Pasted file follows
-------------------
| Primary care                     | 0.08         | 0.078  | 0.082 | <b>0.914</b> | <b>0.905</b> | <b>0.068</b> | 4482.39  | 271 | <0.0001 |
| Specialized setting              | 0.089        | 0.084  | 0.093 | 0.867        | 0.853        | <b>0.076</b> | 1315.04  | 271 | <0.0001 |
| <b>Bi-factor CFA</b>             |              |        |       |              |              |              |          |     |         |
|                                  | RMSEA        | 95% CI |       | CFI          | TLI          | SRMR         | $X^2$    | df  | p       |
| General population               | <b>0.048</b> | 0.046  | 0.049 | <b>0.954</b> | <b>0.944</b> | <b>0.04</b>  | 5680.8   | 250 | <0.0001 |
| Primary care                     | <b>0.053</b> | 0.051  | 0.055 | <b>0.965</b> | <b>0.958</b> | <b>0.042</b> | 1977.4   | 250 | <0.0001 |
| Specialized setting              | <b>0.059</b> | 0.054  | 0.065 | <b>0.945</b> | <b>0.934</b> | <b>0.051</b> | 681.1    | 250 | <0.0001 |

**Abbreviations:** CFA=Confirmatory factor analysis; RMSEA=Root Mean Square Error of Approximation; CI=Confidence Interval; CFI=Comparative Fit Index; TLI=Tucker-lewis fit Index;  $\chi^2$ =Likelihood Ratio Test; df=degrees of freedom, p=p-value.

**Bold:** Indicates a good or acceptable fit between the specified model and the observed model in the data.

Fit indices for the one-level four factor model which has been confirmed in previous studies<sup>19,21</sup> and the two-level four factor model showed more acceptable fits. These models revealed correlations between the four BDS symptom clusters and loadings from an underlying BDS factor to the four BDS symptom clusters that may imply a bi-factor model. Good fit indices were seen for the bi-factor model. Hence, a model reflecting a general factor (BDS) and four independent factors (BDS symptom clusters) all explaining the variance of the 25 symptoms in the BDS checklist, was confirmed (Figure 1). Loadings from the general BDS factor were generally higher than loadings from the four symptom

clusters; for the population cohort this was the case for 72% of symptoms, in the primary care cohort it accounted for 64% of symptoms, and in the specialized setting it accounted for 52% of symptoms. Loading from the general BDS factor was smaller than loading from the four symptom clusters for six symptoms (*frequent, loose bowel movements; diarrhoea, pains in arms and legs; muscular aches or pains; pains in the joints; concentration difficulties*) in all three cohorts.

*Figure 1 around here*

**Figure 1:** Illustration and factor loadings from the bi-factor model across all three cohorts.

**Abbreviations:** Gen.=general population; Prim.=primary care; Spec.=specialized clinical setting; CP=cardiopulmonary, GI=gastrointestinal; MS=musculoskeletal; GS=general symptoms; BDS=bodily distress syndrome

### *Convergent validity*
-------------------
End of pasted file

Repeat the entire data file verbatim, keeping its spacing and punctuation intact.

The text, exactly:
| Primary care                     | 0.08         | 0.078  | 0.082 | <b>0.914</b> | <b>0.905</b> | <b>0.068</b> | 4482.39  | 271 | <0.0001 |
| Specialized setting              | 0.089        | 0.084  | 0.093 | 0.867        | 0.853        | <b>0.076</b> | 1315.04  | 271 | <0.0001 |
| <b>Bi-factor CFA</b>             |              |        |       |              |              |              |          |     |         |
|                                  | RMSEA        | 95% CI |       | CFI          | TLI          | SRMR         | $X^2$    | df  | p       |
| General population               | <b>0.048</b> | 0.046  | 0.049 | <b>0.954</b> | <b>0.944</b> | <b>0.04</b>  | 5680.8   | 250 | <0.0001 |
| Primary care                     | <b>0.053</b> | 0.051  | 0.055 | <b>0.965</b> | <b>0.958</b> | <b>0.042</b> | 1977.4   | 250 | <0.0001 |
| Specialized setting              | <b>0.059</b> | 0.054  | 0.065 | <b>0.945</b> | <b>0.934</b> | <b>0.051</b> | 681.1    | 250 | <0.0001 |

**Abbreviations:** CFA=Confirmatory factor analysis; RMSEA=Root Mean Square Error of Approximation; CI=Confidence Interval; CFI=Comparative Fit Index; TLI=Tucker-lewis fit Index;  $\chi^2$ =Likelihood Ratio Test; df=degrees of freedom, p=p-value.

**Bold:** Indicates a good or acceptable fit between the specified model and the observed model in the data.

Fit indices for the one-level four factor model which has been confirmed in previous studies<sup>19,21</sup> and the two-level four factor model showed more acceptable fits. These models revealed correlations between the four BDS symptom clusters and loadings from an underlying BDS factor to the four BDS symptom clusters that may imply a bi-factor model. Good fit indices were seen for the bi-factor model. Hence, a model reflecting a general factor (BDS) and four independent factors (BDS symptom clusters) all explaining the variance of the 25 symptoms in the BDS checklist, was confirmed (Figure 1). Loadings from the general BDS factor were generally higher than loadings from the four symptom

clusters; for the population cohort this was the case for 72% of symptoms, in the primary care cohort it accounted for 64% of symptoms, and in the specialized setting it accounted for 52% of symptoms. Loading from the general BDS factor was smaller than loading from the four symptom clusters for six symptoms (*frequent, loose bowel movements; diarrhoea, pains in arms and legs; muscular aches or pains; pains in the joints; concentration difficulties*) in all three cohorts.

*Figure 1 around here*

**Figure 1:** Illustration and factor loadings from the bi-factor model across all three cohorts.

**Abbreviations:** Gen.=general population; Prim.=primary care; Spec.=specialized clinical setting; CP=cardiopulmonary, GI=gastrointestinal; MS=musculoskeletal; GS=general symptoms; BDS=bodily distress syndrome

### *Convergent validity*